keyboard_backspaceBack to main blog page

Sound Marketing, Inc.

Read articles, training material for practically any topic.


Jack Burke Jack Burke , 2/26/2014
This content has not been rated yet.

I usually turn a jaundiced eye toward comments by politicians.  It’s not really fair, but I seem to become increasingly cynical over time.  However, I recently saw a newspaper column by Missouri State Representative Dennis Wood that struck a chord in my heart. I’d like to share some of his thoughts in this blog.
He began with a quotation from Dwight D. Eisenhower: “You don’t lead by hitting people over the head – that’s assault, not leadership.”
Wood likes to describe himself as a “servant leader”.  That coincides with my belief that we are all “workers among workers,” and that the highest calling is to be of service to another human being.  Wood goes on to differentiate between a boss and a leader with the words of Russell H. Ewing’s, “A boss creates fear, a leader confidence.  A boss fixes blame, a leader corrects his mistakes.  A boss knows all, a leader asks questions.  A boss is interested in himself; a leader is interested in the group.”
These powerful thoughts struck home with me.  As a corporate executive in the 70’s, I now realize that I was a “boss,” not a “leader.”  When business leaders were preaching the credo of MBO – Management By Objectives, we jokingly referred to our style as MBI – Management By Intimidation.  Part of this was the cockiness of youth, but a greater part truly described our management style.  We believed that you could only manage people by engendered an atmosphere of fear that would force them to perform.  We were wrong!
Wood’s article went on to say, “There are ‘leaders’ who think they have to scream and shout so they can be heard.  They yell and throw tantrums because they believe it’s the only way to make change. Other ‘leaders’ fell they must be quiet and hidden, operating behind the scenes as manipulators.  However, the true leaders are positive servants – people willing to help other people accomplish their best.”
Many people will find fault with the term “servant leader.”  Maybe they think that it’s a little soft or that such an attitude can’t engender motivation and loyalty.  They might even think that “servant leaders” ignore and avoid problems – sticking their heads in the sand.
Woods takes issue with those beliefs.  “Servant leaders acknowledge the problems, but also dwell on the positive accomplishments, as well.  Their positive attitude helps find the best ways to solve problems in a constructive way – as opposed to becoming a bull in a china shop.  They use wisdom and discernment to help foster communications and solutions.  They maintain a positive ‘can-do’ attitude.”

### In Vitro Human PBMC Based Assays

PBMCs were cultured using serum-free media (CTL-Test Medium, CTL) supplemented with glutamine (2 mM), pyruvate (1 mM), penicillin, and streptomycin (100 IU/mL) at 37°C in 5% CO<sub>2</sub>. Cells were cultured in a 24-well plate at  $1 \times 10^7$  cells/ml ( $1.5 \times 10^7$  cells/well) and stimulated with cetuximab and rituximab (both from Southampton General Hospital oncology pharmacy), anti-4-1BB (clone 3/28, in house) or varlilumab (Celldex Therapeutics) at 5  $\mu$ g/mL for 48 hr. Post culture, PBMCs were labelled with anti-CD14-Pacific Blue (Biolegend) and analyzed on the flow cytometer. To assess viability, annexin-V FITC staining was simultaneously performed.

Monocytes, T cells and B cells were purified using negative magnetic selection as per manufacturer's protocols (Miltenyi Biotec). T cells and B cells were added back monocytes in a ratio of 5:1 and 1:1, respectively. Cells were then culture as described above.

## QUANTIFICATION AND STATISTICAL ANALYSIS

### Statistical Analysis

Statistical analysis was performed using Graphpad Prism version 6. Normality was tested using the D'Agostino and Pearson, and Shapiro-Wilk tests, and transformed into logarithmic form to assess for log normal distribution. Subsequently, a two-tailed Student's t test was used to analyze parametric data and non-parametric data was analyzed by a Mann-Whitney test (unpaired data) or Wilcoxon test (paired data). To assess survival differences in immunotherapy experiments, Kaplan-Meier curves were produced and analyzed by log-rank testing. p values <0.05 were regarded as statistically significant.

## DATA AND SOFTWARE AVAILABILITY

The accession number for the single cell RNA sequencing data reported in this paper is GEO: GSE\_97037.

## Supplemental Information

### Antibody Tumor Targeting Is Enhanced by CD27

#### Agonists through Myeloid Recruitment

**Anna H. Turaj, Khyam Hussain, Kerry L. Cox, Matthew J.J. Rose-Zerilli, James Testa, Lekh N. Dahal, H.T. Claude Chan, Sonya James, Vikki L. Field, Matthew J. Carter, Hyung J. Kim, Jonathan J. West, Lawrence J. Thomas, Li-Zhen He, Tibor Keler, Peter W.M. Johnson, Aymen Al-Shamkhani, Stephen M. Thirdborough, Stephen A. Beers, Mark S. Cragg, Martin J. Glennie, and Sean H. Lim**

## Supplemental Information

Positivity is hard, negativity is easy!  It’s far easier to moan and groan about the difficulties that face us than to nurture a positive attitude.  People tend to gravitate toward gossip, whining and complaining – rather than focusing on the good while solving the problem. That’s part of why change is so difficult.  The devil we know is easier to handle than the one we don’t know.  
On the management side, do we tend to be sarcastic to the point of putting people down and talking behind their backs?  Do we find it easier to instill fear or create skepticism?  Do we tend to assign blame and make accusations rather than investigating root causes in order to develop solutions?  This approach might resolve a problem temporarily, but a true leader solves problems for future generations.
Leaders don’t bask in accolades for personal gain and ego boosts. Leaders serve as a conduit, passing the accolades down to the workers who really earned them. Leaders boost people, rather than tear them down. Leaders revel in the accolades earned by their staff!  
This does not mean that leaders are pushovers.  Leaders are willing to take the stands necessary to implement change.  Leaders will fire people – but only after determining that the person is at fault – rather than inept management, poor training, or placement of the person in the wrong job.  Leaders determine the source of the problem and then take the necessary action.  Leaders must be tough when toughness is indicated.
Above all, leaders create emulation!  People who work for leaders strive to develop similar attitudes and standards.  People who work for bosses become “bossy.”
Are you a leader or a boss? Are you creating leaders among your people?  These are questions we need to ask ourselves on a regular basis.  Because we might sometimes be blind to our own faults, it makes sense to check our own best thinking and personal assessment with a trusted friend who is willing to be honest with us.